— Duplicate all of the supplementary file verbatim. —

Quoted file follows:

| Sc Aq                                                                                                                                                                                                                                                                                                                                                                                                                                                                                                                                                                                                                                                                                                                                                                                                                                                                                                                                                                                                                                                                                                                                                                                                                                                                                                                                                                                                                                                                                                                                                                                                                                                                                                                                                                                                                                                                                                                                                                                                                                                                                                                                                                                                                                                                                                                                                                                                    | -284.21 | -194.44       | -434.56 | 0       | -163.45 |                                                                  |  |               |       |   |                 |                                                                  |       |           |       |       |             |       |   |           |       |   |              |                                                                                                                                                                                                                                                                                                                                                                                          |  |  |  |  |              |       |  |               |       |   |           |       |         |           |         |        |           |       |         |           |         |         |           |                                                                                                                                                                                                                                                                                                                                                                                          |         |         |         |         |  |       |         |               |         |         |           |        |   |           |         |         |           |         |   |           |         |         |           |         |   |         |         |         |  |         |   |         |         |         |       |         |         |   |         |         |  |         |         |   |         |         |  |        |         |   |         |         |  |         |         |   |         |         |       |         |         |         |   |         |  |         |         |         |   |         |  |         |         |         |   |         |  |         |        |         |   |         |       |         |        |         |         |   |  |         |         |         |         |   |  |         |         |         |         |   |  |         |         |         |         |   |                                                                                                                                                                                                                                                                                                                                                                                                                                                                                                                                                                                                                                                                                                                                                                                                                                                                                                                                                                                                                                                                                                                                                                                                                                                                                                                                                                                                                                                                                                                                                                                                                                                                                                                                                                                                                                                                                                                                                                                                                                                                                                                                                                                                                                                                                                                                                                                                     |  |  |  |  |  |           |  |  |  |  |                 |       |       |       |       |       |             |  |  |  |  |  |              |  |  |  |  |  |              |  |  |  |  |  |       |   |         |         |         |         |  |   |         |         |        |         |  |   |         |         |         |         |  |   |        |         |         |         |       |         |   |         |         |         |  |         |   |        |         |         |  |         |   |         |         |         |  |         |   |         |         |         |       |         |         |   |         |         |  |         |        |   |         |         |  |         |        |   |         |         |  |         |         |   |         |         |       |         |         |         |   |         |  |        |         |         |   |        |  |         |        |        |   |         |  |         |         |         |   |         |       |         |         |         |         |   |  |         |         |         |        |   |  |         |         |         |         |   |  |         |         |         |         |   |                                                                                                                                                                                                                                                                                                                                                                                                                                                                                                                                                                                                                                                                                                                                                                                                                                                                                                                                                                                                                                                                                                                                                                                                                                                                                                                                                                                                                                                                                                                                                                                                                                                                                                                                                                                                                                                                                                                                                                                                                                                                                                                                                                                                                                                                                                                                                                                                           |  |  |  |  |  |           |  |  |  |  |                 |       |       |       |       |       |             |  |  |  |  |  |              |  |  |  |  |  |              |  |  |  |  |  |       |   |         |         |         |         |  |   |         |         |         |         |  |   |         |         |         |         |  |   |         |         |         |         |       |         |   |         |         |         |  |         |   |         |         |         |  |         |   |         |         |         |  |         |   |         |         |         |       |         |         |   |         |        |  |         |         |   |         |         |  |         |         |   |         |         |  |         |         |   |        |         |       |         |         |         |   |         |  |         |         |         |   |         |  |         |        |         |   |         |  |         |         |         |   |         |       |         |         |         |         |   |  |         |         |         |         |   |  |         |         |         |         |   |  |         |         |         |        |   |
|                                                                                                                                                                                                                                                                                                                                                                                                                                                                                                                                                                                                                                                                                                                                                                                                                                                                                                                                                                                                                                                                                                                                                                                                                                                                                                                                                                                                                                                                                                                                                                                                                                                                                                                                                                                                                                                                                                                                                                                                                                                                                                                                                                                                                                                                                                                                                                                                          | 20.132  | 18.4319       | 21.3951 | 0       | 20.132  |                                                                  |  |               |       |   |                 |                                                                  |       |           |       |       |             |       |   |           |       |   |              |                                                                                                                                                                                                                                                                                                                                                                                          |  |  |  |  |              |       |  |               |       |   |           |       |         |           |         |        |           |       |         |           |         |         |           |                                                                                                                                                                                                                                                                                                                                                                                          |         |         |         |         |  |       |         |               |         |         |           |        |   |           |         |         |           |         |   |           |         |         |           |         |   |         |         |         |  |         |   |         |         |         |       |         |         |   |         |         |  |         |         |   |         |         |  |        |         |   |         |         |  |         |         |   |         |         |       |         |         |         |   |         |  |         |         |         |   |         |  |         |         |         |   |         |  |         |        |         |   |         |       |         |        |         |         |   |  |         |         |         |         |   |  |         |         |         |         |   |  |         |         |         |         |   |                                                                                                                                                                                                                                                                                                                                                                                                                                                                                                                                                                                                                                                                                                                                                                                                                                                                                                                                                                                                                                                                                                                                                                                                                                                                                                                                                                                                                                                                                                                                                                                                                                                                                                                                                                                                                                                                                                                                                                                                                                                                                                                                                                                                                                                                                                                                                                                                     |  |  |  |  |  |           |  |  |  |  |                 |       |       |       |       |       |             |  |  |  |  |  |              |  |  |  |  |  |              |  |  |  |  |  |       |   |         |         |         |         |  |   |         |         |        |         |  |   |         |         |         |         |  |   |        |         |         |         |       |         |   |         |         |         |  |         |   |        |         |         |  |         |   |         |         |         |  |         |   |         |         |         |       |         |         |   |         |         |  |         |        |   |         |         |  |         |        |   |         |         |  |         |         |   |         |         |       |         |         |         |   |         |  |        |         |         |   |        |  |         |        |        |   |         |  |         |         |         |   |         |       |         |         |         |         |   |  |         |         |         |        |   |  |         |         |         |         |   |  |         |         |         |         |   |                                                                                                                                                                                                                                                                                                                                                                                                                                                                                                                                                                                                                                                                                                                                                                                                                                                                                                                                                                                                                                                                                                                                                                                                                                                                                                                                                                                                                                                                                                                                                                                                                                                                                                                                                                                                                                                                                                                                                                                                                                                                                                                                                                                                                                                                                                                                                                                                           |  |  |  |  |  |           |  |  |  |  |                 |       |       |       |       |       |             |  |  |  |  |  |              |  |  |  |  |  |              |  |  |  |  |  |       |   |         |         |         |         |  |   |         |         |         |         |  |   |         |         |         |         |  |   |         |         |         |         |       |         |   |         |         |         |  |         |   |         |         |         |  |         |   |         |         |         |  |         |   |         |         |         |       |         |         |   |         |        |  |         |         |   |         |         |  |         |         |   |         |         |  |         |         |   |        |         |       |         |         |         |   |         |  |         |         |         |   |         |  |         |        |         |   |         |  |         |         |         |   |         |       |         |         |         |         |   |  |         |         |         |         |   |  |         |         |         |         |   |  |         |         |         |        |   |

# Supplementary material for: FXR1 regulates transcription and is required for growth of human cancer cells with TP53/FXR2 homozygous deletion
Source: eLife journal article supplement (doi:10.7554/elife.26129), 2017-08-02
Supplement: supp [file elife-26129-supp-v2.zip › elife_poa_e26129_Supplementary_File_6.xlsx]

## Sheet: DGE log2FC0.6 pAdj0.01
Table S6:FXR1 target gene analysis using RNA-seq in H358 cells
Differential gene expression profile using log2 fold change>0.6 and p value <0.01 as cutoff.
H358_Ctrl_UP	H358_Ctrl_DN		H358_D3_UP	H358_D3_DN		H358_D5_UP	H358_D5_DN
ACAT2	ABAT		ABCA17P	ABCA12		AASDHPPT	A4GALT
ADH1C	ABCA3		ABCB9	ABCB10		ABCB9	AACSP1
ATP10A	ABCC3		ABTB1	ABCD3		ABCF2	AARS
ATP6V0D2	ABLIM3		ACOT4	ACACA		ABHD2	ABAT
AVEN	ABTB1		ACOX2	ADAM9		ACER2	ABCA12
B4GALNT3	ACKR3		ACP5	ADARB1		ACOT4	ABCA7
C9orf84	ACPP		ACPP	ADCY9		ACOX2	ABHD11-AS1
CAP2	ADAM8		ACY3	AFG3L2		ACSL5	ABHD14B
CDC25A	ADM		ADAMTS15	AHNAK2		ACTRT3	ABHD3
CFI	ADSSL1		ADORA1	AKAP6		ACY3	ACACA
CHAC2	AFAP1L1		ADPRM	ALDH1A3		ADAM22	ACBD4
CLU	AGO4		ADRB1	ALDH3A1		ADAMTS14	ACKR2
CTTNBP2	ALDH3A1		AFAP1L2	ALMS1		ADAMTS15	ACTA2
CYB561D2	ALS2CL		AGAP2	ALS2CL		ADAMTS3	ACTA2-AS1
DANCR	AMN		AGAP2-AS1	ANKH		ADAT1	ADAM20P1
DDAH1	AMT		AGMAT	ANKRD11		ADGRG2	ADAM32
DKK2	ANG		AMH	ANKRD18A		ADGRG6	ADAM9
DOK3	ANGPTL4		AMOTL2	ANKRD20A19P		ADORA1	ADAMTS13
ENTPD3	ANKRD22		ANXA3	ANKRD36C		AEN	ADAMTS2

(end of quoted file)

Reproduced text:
| Sc Aq                                                                                                                                                                                                                                                                                                                                                                                                                                                                                                                                                                                                                                                                                                                                                                                                                                                                                                                                                                                                                                                                                                                                                                                                                                                                                                                                                                                                                                                                                                                                                                                                                                                                                                                                                                                                                                                                                                                                                                                                                                                                                                                                                                                                                                                                                                                                                                                                    | -284.21 | -194.44       | -434.56 | 0       | -163.45 |                                                                  |  |               |       |   |                 |                                                                  |       |           |       |       |             |       |   |           |       |   |              |                                                                                                                                                                                                                                                                                                                                                                                          |  |  |  |  |              |       |  |               |       |   |           |       |         |           |         |        |           |       |         |           |         |         |           |                                                                                                                                                                                                                                                                                                                                                                                          |         |         |         |         |  |       |         |               |         |         |           |        |   |           |         |         |           |         |   |           |         |         |           |         |   |         |         |         |  |         |   |         |         |         |       |         |         |   |         |         |  |         |         |   |         |         |  |        |         |   |         |         |  |         |         |   |         |         |       |         |         |         |   |         |  |         |         |         |   |         |  |         |         |         |   |         |  |         |        |         |   |         |       |         |        |         |         |   |  |         |         |         |         |   |  |         |         |         |         |   |  |         |         |         |         |   |                                                                                                                                                                                                                                                                                                                                                                                                                                                                                                                                                                                                                                                                                                                                                                                                                                                                                                                                                                                                                                                                                                                                                                                                                                                                                                                                                                                                                                                                                                                                                                                                                                                                                                                                                                                                                                                                                                                                                                                                                                                                                                                                                                                                                                                                                                                                                                                                     |  |  |  |  |  |           |  |  |  |  |                 |       |       |       |       |       |             |  |  |  |  |  |              |  |  |  |  |  |              |  |  |  |  |  |       |   |         |         |         |         |  |   |         |         |        |         |  |   |         |         |         |         |  |   |        |         |         |         |       |         |   |         |         |         |  |         |   |        |         |         |  |         |   |         |         |         |  |         |   |         |         |         |       |         |         |   |         |         |  |         |        |   |         |         |  |         |        |   |         |         |  |         |         |   |         |         |       |         |         |         |   |         |  |        |         |         |   |        |  |         |        |        |   |         |  |         |         |         |   |         |       |         |         |         |         |   |  |         |         |         |        |   |  |         |         |         |         |   |  |         |         |         |         |   |                                                                                                                                                                                                                                                                                                                                                                                                                                                                                                                                                                                                                                                                                                                                                                                                                                                                                                                                                                                                                                                                                                                                                                                                                                                                                                                                                                                                                                                                                                                                                                                                                                                                                                                                                                                                                                                                                                                                                                                                                                                                                                                                                                                                                                                                                                                                                                                                           |  |  |  |  |  |           |  |  |  |  |                 |       |       |       |       |       |             |  |  |  |  |  |              |  |  |  |  |  |              |  |  |  |  |  |       |   |         |         |         |         |  |   |         |         |         |         |  |   |         |         |         |         |  |   |         |         |         |         |       |         |   |         |         |         |  |         |   |         |         |         |  |         |   |         |         |         |  |         |   |         |         |         |       |         |         |   |         |        |  |         |         |   |         |         |  |         |         |   |         |         |  |         |         |   |        |         |       |         |         |         |   |         |  |         |         |         |   |         |  |         |        |         |   |         |  |         |         |         |   |         |       |         |         |         |         |   |  |         |         |         |         |   |  |         |         |         |         |   |  |         |         |         |        |   |
|                                                                                                                                                                                                                                                                                                                                                                                                                                                                                                                                                                                                                                                                                                                                                                                                                                                                                                                                                                                                                                                                                                                                                                                                                                                                                                                                                                                                                                                                                                                                                                                                                                                                                                                                                                                                                                                                                                                                                                                                                                                                                                                                                                                                                                                                                                                                                                                                          | 20.132  | 18.4319       | 21.3951 | 0       | 20.132  |                                                                  |  |               |       |   |                 |                                                                  |       |           |       |       |             |       |   |           |       |   |              |                                                                                                                                                                                                                                                                                                                                                                                          |  |  |  |  |              |       |  |               |       |   |           |       |         |           |         |        |           |       |         |           |         |         |           |                                                                                                                                                                                                                                                                                                                                                                                          |         |         |         |         |  |       |         |               |         |         |           |        |   |           |         |         |           |         |   |           |         |         |           |         |   |         |         |         |  |         |   |         |         |         |       |         |         |   |         |         |  |         |         |   |         |         |  |        |         |   |         |         |  |         |         |   |         |         |       |         |         |         |   |         |  |         |         |         |   |         |  |         |         |         |   |         |  |         |        |         |   |         |       |         |        |         |         |   |  |         |         |         |         |   |  |         |         |         |         |   |  |         |         |         |         |   |                                                                                                                                                                                                                                                                                                                                                                                                                                                                                                                                                                                                                                                                                                                                                                                                                                                                                                                                                                                                                                                                                                                                                                                                                                                                                                                                                                                                                                                                                                                                                                                                                                                                                                                                                                                                                                                                                                                                                                                                                                                                                                                                                                                                                                                                                                                                                                                                     |  |  |  |  |  |           |  |  |  |  |                 |       |       |       |       |       |             |  |  |  |  |  |              |  |  |  |  |  |              |  |  |  |  |  |       |   |         |         |         |         |  |   |         |         |        |         |  |   |         |         |         |         |  |   |        |         |         |         |       |         |   |         |         |         |  |         |   |        |         |         |  |         |   |         |         |         |  |         |   |         |         |         |       |         |         |   |         |         |  |         |        |   |         |         |  |         |        |   |         |         |  |         |         |   |         |         |       |         |         |         |   |         |  |        |         |         |   |        |  |         |        |        |   |         |  |         |         |         |   |         |       |         |         |         |         |   |  |         |         |         |        |   |  |         |         |         |         |   |  |         |         |         |         |   |                                                                                                                                                                                                                                                                                                                                                                                                                                                                                                                                                                                                                                                                                                                                                                                                                                                                                                                                                                                                                                                                                                                                                                                                                                                                                                                                                                                                                                                                                                                                                                                                                                                                                                                                                                                                                                                                                                                                                                                                                                                                                                                                                                                                                                                                                                                                                                                                           |  |  |  |  |  |           |  |  |  |  |                 |       |       |       |       |       |             |  |  |  |  |  |              |  |  |  |  |  |              |  |  |  |  |  |       |   |         |         |         |         |  |   |         |         |         |         |  |   |         |         |         |         |  |   |         |         |         |         |       |         |   |         |         |         |  |         |   |         |         |         |  |         |   |         |         |         |  |         |   |         |         |         |       |         |         |   |         |        |  |         |         |   |         |         |  |         |         |   |         |         |  |         |         |   |        |         |       |         |         |         |   |         |  |         |         |         |   |         |  |         |        |         |   |         |  |         |         |         |   |         |       |         |         |         |         |   |  |         |         |         |         |   |  |         |         |         |         |   |  |         |         |         |        |   |

# Supplementary material for: FXR1 regulates transcription and is required for growth of human cancer cells with TP53/FXR2 homozygous deletion
Source: eLife journal article supplement (doi:10.7554/elife.26129), 2017-08-02
Supplement: supp [file elife-26129-supp-v2.zip › elife_poa_e26129_Supplementary_File_6.xlsx]

## Sheet: DGE log2FC0.6 pAdj0.01
Table S6:FXR1 target gene analysis using RNA-seq in H358 cells
Differential gene expression profile using log2 fold change>0.6 and p value <0.01 as cutoff.
H358_Ctrl_UP	H358_Ctrl_DN		H358_D3_UP	H358_D3_DN		H358_D5_UP	H358_D5_DN
ACAT2	ABAT		ABCA17P	ABCA12		AASDHPPT	A4GALT
ADH1C	ABCA3		ABCB9	ABCB10		ABCB9	AACSP1
ATP10A	ABCC3		ABTB1	ABCD3		ABCF2	AARS
ATP6V0D2	ABLIM3		ACOT4	ACACA		ABHD2	ABAT
AVEN	ABTB1		ACOX2	ADAM9		ACER2	ABCA12
B4GALNT3	ACKR3		ACP5	ADARB1		ACOT4	ABCA7
C9orf84	ACPP		ACPP	ADCY9		ACOX2	ABHD11-AS1
CAP2	ADAM8		ACY3	AFG3L2		ACSL5	ABHD14B
CDC25A	ADM		ADAMTS15	AHNAK2		ACTRT3	ABHD3
CFI	ADSSL1		ADORA1	AKAP6		ACY3	ACACA
CHAC2	AFAP1L1		ADPRM	ALDH1A3		ADAM22	ACBD4
CLU	AGO4		ADRB1	ALDH3A1		ADAMTS14	ACKR2
CTTNBP2	ALDH3A1		AFAP1L2	ALMS1		ADAMTS15	ACTA2
CYB561D2	ALS2CL		AGAP2	ALS2CL		ADAMTS3	ACTA2-AS1
DANCR	AMN		AGAP2-AS1	ANKH		ADAT1	ADAM20P1
DDAH1	AMT		AGMAT	ANKRD11		ADGRG2	ADAM32
DKK2	ANG		AMH	ANKRD18A		ADGRG6	ADAM9
DOK3	ANGPTL4		AMOTL2	ANKRD20A19P		ADORA1	ADAMTS13
ENTPD3	ANKRD22		ANXA3	ANKRD36C		AEN	ADAMTS2